Indian Fry Bread and Indian Taco Recipe and History
Indian fry bread is the foundation of a popular dish called Indian Tacos. Originally known as Navajo Tacos, they have been adopted by other tribes. The Navajo taco was voted the State Dish of Arizona in a 1995 poll conducted by the Arizona Republic newspaper.
Indian tacos, made with Indian fry bread, are the universal modern powwow food (see below). They are also popular attractions at many fairs, festivals, and outdoor summer shows held in the southwest. People will line up to wait their turn to buy some freshly made tacos. Indian tacos are a combination of beans or ground beef, chopped lettuce, sliced tomato, shredded Cheddar cheese, and optional green chile atop plate-sized rounds of crispy Navajo or Indian fry bread. No plates or silverware are need, as you just fill the fry bread with your desired filling, roll it up, and eat.
Photos courtesy of the National Indian Taco Championship held in Pawhuska, Oklahoma.
History Indian Fry Bread:
Indian fry bread is tradition to the Navajo, and comes with a story of great pain and suffering. Though the tradition of fry bread is common among many Southwestern Tribes, it is the Navajo who developed this recipe. I do not feel that I can share the recipe without sharing it’s origins and what it means to some today:
The Navajo planters lived from the Earth as their ancestors had for hundreds of years before. They also raised livestock to feed their family. The Navajo dinetah (or homeland) was bordered by the four sacred mountains, from northeastern Arizona, western New Mexico, and north into Utah and Colorado. They planted crops in the fertile valley lands, such as Canyon de Chelly known for Ansazi ruins.
The Navajo traded with the Spanish, Mexican, Pueblos, Apache, Comanche, and even the early American pioneers. Around 1846, large numbers of pioneers moved into the area and the cavalry came with them. This is when troubles began. The troubles escalated with the murder or Narbona (1766-1849), a well-respected Navajo leader on August 31, 1849. On this day, Narbona along with several hundred of his warriors, had come to meet and discuss peace with U.S. Colonel John M. Washington and others of the military stationed in the area. There had been trouble with theNew Men (the New Mexican settlers who had driven Mexican settlers out of the area).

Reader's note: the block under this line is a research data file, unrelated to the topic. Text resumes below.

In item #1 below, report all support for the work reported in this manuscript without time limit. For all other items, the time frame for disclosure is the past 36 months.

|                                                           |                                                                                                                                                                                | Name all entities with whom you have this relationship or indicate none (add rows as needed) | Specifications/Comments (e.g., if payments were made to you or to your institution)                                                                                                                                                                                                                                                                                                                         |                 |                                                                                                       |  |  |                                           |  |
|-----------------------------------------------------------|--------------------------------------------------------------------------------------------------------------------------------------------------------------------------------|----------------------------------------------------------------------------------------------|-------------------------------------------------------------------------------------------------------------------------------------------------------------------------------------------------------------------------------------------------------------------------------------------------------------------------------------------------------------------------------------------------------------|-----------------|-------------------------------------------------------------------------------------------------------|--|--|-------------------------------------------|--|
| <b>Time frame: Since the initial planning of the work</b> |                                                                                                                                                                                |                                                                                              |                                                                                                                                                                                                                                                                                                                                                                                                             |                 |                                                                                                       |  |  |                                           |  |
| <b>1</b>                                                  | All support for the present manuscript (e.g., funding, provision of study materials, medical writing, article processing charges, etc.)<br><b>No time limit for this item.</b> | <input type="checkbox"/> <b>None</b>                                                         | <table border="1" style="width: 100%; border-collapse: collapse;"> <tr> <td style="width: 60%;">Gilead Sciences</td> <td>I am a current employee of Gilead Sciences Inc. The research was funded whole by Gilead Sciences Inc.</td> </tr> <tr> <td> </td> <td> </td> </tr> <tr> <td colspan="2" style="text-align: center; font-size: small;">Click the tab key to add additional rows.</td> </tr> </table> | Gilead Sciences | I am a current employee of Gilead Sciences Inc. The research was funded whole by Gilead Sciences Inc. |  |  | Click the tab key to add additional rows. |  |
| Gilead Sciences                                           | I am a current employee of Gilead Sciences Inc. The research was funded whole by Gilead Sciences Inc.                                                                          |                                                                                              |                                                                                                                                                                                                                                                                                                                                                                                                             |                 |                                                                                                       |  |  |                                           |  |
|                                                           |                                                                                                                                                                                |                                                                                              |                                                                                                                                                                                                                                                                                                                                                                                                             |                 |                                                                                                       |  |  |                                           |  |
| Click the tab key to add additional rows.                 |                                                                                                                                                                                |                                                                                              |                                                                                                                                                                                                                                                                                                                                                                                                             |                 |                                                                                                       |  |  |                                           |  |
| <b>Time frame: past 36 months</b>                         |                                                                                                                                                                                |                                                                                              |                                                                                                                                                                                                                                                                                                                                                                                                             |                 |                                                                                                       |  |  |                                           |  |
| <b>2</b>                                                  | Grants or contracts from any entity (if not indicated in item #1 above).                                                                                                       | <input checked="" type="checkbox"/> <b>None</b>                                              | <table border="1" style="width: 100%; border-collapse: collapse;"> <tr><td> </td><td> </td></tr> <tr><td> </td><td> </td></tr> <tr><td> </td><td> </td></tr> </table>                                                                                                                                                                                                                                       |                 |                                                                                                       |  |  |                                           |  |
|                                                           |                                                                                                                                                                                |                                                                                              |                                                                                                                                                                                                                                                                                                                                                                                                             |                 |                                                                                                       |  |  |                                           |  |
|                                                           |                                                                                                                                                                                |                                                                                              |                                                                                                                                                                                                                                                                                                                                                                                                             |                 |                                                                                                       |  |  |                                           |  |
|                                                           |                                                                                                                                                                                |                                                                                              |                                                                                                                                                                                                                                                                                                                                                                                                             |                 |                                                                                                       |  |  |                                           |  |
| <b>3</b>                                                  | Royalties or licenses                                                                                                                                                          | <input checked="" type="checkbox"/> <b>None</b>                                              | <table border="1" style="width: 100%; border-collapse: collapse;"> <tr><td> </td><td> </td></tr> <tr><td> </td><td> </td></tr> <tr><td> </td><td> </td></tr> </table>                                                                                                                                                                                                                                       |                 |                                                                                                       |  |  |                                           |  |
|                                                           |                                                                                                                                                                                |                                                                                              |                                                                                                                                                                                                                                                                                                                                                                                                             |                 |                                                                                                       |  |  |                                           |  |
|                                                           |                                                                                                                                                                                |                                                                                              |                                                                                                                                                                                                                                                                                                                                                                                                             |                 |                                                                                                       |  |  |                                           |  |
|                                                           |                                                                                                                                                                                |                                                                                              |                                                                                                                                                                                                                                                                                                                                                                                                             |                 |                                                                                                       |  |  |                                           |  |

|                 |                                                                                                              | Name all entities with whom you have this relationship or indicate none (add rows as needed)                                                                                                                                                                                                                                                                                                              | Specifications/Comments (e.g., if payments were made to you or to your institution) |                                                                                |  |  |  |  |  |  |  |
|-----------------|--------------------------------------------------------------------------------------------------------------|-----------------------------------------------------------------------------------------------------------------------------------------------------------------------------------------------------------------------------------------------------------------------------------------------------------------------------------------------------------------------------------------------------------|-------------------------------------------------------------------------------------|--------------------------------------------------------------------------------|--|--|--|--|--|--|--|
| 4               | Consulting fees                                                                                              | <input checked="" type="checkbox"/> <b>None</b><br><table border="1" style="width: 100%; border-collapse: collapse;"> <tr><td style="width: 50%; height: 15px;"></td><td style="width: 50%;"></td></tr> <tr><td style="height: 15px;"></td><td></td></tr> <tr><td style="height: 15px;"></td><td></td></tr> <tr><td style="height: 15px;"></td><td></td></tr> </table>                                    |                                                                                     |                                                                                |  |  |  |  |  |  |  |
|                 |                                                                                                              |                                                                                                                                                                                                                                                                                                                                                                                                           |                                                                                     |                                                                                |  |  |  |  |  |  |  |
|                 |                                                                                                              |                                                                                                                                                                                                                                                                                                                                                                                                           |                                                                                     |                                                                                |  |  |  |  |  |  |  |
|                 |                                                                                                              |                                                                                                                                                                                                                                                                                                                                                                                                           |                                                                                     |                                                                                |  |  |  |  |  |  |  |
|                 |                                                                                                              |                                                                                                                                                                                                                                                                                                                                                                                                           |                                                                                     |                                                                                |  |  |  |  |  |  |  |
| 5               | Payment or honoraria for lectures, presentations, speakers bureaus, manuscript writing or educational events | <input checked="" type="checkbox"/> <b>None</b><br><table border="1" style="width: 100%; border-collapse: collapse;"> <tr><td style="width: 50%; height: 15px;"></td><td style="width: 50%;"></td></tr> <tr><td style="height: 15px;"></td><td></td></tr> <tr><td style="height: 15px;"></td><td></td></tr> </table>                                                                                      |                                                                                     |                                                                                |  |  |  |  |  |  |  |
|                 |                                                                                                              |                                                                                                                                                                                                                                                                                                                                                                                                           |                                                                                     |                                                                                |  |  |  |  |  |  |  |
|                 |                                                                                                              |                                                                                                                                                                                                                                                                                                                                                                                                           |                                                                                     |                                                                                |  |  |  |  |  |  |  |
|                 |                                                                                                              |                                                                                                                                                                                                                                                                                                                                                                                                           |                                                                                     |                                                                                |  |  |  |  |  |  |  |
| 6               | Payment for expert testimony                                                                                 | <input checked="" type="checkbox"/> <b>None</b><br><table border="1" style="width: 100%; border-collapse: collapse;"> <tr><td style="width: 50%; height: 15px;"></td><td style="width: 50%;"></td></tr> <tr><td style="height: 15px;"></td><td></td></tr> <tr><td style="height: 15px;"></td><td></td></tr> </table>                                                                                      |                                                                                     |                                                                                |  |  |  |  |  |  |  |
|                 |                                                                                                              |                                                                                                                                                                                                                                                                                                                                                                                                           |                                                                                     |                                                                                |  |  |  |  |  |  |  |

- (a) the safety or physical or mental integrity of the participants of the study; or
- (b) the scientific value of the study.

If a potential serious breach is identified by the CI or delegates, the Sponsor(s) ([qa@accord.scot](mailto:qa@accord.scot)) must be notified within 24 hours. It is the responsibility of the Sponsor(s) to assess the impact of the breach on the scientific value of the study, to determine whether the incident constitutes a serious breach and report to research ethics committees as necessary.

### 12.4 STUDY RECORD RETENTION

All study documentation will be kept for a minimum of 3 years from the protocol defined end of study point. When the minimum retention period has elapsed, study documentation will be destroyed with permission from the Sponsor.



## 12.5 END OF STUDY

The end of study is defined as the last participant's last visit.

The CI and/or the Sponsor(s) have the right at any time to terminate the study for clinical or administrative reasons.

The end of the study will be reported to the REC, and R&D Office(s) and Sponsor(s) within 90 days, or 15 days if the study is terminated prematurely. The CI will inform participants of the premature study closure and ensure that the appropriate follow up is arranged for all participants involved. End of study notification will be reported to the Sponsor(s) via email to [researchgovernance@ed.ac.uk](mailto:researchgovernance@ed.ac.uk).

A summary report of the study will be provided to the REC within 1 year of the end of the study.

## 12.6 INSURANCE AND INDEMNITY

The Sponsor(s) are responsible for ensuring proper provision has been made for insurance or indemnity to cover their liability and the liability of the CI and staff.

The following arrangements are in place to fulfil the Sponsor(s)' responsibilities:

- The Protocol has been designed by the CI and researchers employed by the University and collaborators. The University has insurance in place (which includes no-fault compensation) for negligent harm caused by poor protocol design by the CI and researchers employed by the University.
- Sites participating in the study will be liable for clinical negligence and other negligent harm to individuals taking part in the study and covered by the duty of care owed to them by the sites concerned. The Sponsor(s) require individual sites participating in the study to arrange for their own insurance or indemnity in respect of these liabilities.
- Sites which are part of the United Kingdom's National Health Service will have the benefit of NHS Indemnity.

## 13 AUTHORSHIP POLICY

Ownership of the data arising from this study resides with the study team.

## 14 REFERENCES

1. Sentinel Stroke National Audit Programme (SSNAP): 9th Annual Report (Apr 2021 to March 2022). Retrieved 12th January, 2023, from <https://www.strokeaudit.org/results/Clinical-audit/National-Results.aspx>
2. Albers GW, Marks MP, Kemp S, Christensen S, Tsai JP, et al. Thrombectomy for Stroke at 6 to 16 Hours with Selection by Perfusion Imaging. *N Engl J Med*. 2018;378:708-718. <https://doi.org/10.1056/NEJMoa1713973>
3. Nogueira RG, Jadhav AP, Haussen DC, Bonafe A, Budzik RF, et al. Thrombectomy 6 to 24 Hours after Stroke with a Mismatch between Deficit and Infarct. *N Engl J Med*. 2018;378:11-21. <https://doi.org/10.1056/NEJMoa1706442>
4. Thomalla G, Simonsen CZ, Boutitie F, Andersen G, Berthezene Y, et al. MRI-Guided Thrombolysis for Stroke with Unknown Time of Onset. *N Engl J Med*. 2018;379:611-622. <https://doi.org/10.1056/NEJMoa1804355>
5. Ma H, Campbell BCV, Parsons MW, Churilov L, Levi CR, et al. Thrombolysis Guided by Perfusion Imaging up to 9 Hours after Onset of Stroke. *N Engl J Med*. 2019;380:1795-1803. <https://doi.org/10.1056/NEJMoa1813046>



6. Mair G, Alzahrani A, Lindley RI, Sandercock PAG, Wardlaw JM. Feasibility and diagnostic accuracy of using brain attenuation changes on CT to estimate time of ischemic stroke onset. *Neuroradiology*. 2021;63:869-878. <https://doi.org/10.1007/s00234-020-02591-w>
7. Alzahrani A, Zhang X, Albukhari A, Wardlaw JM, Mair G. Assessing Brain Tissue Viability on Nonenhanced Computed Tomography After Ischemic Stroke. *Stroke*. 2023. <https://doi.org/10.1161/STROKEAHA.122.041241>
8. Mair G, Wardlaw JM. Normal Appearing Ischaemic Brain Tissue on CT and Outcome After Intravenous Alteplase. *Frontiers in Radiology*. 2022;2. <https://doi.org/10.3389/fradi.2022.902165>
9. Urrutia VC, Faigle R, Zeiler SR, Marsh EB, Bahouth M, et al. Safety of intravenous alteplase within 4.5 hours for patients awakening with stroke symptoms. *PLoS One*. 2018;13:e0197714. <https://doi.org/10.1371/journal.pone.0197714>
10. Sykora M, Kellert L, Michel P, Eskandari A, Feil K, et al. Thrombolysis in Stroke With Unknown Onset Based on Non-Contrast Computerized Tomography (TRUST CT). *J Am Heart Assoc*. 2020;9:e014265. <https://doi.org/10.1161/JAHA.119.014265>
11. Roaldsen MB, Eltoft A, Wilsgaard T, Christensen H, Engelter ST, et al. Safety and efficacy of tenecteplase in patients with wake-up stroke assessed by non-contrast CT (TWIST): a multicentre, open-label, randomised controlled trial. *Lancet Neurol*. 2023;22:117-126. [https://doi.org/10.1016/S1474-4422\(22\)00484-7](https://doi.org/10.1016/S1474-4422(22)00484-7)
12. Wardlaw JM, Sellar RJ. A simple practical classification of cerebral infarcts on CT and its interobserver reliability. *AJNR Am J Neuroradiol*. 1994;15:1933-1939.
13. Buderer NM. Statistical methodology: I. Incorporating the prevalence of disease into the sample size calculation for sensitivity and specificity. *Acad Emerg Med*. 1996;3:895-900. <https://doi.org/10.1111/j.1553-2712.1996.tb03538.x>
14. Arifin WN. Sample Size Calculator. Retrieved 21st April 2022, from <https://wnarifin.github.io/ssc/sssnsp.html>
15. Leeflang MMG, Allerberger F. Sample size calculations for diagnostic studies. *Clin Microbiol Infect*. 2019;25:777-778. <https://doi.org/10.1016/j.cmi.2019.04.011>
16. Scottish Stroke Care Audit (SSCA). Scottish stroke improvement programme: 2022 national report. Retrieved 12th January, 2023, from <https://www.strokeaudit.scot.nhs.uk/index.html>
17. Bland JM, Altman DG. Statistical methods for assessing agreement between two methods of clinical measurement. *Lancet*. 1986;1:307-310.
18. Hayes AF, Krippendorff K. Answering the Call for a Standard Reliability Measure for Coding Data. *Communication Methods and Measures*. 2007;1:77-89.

After several hours, it was believed a settlement had been agreed upon. However, a young warrior by the name of Sadoval, had plans of his own. Mounting his horse he began to ride in front of the Navajo party, attempting to have them break the treaty. A U.S. Calvary soldier began to say that one of the horses ridden by a Navajo was his, and what peace there was in the meeting that was disintegrating into battle. Colonel Washington commanded the Navajo to stand down and return the horse to the soldier or he would fire into them. The rider and horse were now gone, and the Navajo party did not comply. A canon was fired, and Narbona was mortally wounded. It is told that he was scalped by a U.S. soldier as he lay dying.
This disastrous attempt at peace led to the Long Walks. In September 1863, Kit Carson (1809-1868) was dispatched into Navajo land to retrieve a surrender. When no Navajo came to meet with him, he ordered the burning of the land. Attempts were made to starve out the Navajo and many were captured and taken to Bosque Redondo near Fort Sumner. Hundreds starved on the 300 mile walk and more would die later in the crowded and disparaging conditions . Navajo were placed with the Mescalero Apache where home peace was often not the case. The camps were meant for 4,000 to 5,000 people, yet there were now over 9,000 people, and supplies were meager.
The government supplies of lard, flour, salt, sugar, baking powder or yeast, and powdered milk were often rancid. Fry bread came from these few foods provided during the 4 years of captivity. Since that time, it has become common food at most all PowWows of numerous tribes
To some, Indian Fry Bread is a sacred tradition. It is to be consumed by the people until the earth has again become purified. Wherever one finds Indian fry bread one finds its taco equivalent, and curiously enough, it’s often named after whichever tribe the reservation belongs to.
1993 – The American Indian Exposition in Anadarko, Oklahoma hosted its first National Fry Bread Contest. The purpose of this exposition is to show off Native American arts and crafts and help preserve their cultural heritage. This event also features one of the largest American Indian parades in Oklahoma.
2005 – South Dakota designated fry bread as the Official State Bread with House Bill Number 1205 on February 25, 2005.
Present Day – Today, fry bread is generally known as a Carnival or State Fair treat to the general public. In some areas of the United States, this sweet treat is known as Elephant Ears. It is a quick bread that’s fried and served as a sweet treat, drizzled with honey and sprinkled with cinnamon sugar.
Fry bread is most often used as the foundation of the famous “Indian Taco with ground beef and other taco ingredients of your choice.
The National Indian Taco Championship is a festival held in Pawhuska, Oklahoma on the first Saturday in October.
Indian Fry Bread Recipe:
Comments from readers:
Thank you for the Indian Fry Bread recipe and the origin of where they started. I am originally from Oklahoma – very interesting. Again, thank you. – Doris Griggs (11/23/14)